Micheline Helsing is a tetrachromat—a girl who sees the auras of the undead in a prismatic spectrum. As one of the last descendants of the Van Helsing lineage, she has trained since childhood to destroy monsters both corporeal and spiritual: the corporeal undead go down by the bullet, the spiritual undead by the lens. With an analog SLR camera as her best weapon, Micheline exorcises ghosts by capturing their spiritual energy on film. She's aided by her crew: Oliver, a techno-whiz and the boy who developed her camera's technology; Jude, who can predict death; and Ryder, the boy Micheline has known and loved forever.

When a routine ghost hunt goes awry, Micheline and the boys are infected with a curse known as a soulchain. As the ghostly chains spread through their bodies, Micheline learns that if she doesn't exorcise her entity in seven days or less, she and her friends will die. Now pursued as a renegade agent by her monster-hunting father, Leonard Helsing, she must track and destroy an entity more powerful than anything she's faced before . . . or die trying.

Lock, stock, and lens, she’s in for one hell of a week.

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Meet the Author:

Courtney Alameda's spent her entire career trying to con and cajole people into reading great books. A veteran of the big-box bookstore trenches, Courtney now works as a librarian for the prettiest library you've ever seen, where she spends her time ordering large stacks of YA books, doing readers' advisory, and dressing up as various mythical creatures for a variety of library events.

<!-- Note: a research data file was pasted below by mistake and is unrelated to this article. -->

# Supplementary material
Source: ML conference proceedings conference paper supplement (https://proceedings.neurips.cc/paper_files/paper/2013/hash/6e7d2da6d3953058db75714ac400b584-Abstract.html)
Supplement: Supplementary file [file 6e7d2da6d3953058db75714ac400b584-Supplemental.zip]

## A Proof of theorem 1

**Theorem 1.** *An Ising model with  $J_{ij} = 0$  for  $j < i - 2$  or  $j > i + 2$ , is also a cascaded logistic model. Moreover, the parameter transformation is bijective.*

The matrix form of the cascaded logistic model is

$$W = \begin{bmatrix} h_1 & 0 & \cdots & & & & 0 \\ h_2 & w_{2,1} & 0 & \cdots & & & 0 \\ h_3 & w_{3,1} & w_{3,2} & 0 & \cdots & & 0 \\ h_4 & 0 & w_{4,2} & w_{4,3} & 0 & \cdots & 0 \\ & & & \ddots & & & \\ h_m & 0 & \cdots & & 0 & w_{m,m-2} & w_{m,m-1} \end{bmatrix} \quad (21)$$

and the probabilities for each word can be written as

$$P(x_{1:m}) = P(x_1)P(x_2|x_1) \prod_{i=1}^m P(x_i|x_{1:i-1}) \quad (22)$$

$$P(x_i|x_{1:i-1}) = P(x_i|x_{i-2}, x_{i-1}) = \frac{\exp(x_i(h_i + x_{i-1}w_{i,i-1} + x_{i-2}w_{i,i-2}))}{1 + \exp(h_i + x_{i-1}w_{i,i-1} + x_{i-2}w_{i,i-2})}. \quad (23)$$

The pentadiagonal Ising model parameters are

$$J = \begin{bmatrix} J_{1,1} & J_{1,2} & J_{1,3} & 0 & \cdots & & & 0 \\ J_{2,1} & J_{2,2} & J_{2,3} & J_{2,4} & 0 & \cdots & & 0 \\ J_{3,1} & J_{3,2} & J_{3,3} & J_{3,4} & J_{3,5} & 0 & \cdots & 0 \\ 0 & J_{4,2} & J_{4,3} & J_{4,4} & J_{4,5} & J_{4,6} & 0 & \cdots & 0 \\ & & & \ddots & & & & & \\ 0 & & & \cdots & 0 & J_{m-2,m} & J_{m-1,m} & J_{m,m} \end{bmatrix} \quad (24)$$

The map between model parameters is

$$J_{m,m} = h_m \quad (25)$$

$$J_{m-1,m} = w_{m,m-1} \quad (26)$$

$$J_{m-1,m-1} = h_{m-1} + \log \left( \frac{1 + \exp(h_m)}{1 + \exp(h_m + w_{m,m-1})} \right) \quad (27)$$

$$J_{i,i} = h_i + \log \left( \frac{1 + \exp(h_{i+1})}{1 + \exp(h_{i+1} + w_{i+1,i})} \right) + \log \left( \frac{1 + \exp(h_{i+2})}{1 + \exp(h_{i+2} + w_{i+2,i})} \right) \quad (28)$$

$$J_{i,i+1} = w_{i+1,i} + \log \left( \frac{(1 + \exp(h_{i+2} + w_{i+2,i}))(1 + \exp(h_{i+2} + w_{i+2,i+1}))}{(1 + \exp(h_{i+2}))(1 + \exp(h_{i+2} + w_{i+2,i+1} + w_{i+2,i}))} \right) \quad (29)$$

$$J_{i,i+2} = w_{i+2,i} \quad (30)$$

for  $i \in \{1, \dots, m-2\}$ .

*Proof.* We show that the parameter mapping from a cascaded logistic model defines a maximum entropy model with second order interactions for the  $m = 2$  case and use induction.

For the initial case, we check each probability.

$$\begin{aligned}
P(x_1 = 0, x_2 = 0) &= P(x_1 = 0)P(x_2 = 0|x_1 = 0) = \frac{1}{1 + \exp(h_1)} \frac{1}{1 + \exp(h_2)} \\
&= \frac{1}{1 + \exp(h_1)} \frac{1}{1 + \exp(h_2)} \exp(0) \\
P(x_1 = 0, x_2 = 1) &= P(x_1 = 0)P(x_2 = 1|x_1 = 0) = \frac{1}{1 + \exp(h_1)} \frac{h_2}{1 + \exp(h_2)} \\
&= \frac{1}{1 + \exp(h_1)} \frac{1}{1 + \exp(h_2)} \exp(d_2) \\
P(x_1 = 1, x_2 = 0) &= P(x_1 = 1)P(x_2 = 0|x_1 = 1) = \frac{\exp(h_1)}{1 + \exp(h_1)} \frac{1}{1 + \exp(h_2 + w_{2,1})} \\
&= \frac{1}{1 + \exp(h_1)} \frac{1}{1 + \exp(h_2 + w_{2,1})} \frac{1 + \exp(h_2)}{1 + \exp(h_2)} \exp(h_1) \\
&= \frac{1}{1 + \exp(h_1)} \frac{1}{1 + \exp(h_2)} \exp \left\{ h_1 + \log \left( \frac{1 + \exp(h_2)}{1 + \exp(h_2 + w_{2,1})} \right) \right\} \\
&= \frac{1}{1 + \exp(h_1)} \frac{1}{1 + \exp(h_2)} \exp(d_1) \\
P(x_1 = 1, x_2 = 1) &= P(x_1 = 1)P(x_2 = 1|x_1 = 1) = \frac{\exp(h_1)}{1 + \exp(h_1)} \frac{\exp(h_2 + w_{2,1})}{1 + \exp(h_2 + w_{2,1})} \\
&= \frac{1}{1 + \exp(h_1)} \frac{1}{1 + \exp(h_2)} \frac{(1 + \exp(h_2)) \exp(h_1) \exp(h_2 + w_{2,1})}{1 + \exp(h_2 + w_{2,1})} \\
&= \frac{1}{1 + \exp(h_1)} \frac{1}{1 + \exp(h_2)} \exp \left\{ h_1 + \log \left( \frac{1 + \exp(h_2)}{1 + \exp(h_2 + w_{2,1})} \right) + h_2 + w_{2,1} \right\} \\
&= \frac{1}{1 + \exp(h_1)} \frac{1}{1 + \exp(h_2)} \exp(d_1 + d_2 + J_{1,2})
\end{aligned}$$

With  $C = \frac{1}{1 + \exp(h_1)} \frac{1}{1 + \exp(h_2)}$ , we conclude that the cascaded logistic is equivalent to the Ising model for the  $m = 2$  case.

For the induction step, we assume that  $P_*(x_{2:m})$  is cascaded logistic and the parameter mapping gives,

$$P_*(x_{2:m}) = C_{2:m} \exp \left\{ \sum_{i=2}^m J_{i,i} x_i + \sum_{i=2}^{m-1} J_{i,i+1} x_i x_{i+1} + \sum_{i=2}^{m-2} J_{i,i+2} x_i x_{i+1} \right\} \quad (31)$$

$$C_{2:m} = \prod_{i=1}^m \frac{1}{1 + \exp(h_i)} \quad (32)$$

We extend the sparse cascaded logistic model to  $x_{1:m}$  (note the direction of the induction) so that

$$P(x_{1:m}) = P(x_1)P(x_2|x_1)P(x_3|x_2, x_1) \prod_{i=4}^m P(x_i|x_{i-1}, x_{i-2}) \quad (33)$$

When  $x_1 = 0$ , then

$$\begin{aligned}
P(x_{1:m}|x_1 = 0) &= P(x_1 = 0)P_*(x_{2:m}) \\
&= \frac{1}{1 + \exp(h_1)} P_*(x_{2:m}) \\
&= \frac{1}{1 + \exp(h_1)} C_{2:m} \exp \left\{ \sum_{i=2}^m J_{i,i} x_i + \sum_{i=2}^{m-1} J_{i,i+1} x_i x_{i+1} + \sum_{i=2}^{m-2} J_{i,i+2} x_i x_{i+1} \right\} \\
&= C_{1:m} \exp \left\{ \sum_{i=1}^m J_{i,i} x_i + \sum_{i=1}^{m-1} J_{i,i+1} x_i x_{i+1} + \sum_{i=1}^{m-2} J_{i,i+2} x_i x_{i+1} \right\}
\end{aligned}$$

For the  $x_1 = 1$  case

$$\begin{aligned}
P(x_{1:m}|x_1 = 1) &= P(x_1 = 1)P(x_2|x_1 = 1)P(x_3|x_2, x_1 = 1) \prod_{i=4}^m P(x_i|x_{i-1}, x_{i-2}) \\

Courtney has an affinity for brightly colored lipstick, urban exploration, cosplay, video games, and Twitter. If she's listening to music, it's usually Florence + the Machine, Marina and the Diamonds, Rodrigo y Gabriela, or Jason Graves. Her addiction to Dr. Pepper is legendary.

Courtney holds a B.A. in English Literature with an emphasis in Creative Writing from Brigham Young University. She is represented by the amazing and talented John M. Cusick of Greenhouse Literary. A Northern California native, she now resides in Utah with a legion of books and a tiny, five pound cat who possesses a giant personality. (source:goodreads)

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Monday, December 15, 2014

When Good Characters Make Bad Decisions

Ever had a moment where you're reading a book, and a character's about to do something really stupid, and you tell them over and over again not to do it...and then they do it anyway and consequences and repercussions and downright chaos ensue?

Yeah, that.

The thing is: sometimes a character isn't stupid, but they make stupid decisions. And while the reader is clear-headed and going, "Why would you do that?!" the character most likely isn't thinking that clear-headedly (is that a word?), which brings me to my point:

If your character is going to make a bad decision, at least give them a good reason for it. We've all done things that might not have been the smartest at the time, but think: to you it made perfect sense at the time, right?